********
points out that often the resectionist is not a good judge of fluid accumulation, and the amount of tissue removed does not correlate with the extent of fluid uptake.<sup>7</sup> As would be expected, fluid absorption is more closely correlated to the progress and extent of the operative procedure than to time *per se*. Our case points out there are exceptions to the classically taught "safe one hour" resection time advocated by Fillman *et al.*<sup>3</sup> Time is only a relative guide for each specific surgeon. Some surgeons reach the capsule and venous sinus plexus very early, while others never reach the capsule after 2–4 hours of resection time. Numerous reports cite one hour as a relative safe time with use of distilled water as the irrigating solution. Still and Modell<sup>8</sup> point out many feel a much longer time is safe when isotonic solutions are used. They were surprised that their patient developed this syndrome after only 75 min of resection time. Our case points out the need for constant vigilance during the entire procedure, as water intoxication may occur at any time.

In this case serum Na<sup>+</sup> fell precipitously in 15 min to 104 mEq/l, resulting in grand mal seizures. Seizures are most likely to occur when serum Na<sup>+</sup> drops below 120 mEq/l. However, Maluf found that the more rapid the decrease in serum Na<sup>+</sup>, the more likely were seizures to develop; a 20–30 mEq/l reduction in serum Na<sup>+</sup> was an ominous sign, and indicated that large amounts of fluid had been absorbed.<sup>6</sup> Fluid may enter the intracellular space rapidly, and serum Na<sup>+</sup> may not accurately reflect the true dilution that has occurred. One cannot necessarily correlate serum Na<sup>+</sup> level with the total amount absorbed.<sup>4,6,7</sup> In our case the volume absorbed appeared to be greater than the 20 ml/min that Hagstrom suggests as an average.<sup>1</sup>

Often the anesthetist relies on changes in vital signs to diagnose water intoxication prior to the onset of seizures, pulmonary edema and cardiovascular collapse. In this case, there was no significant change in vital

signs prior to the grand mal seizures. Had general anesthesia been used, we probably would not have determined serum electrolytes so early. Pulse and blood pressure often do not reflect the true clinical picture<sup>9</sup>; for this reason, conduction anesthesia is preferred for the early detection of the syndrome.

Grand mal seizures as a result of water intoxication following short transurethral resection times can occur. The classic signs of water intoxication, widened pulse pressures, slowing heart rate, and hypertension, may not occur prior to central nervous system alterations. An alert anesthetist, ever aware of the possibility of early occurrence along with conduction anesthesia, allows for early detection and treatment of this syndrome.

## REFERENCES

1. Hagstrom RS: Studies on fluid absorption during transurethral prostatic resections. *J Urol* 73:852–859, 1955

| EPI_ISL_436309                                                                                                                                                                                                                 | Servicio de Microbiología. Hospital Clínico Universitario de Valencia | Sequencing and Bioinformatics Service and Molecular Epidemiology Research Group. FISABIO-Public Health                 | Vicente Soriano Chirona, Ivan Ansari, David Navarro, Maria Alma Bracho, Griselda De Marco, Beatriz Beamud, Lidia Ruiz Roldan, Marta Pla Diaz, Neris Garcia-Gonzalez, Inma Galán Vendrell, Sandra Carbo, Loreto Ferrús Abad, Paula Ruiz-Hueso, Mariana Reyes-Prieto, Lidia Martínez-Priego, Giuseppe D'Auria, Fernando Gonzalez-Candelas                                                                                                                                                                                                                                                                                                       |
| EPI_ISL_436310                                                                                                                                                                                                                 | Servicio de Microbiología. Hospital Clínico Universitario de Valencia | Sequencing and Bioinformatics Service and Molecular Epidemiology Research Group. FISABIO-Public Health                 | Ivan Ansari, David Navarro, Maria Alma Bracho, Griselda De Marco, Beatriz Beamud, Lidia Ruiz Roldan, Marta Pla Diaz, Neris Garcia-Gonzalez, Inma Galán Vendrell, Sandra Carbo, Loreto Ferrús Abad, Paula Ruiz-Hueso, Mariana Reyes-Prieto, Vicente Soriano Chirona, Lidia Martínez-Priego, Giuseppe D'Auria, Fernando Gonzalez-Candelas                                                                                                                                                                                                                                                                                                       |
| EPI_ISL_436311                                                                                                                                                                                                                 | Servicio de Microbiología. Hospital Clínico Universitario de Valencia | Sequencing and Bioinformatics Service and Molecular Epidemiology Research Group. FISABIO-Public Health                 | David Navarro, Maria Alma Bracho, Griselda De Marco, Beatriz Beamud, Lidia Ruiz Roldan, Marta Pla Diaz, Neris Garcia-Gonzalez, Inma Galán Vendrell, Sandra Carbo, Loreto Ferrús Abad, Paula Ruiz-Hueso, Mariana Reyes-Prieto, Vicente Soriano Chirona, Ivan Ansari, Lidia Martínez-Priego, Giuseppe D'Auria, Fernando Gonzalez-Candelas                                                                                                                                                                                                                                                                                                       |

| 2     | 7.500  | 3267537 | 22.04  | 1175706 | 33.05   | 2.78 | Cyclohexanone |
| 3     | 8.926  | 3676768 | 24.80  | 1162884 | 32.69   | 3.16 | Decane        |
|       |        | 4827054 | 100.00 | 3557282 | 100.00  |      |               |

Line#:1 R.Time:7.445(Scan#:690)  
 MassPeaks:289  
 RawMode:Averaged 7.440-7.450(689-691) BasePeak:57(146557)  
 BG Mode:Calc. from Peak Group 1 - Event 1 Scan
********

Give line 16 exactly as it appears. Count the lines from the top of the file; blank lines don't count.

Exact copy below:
 RawMode:Averaged 7.440-7.450(689-691) BasePeak:57(146557)  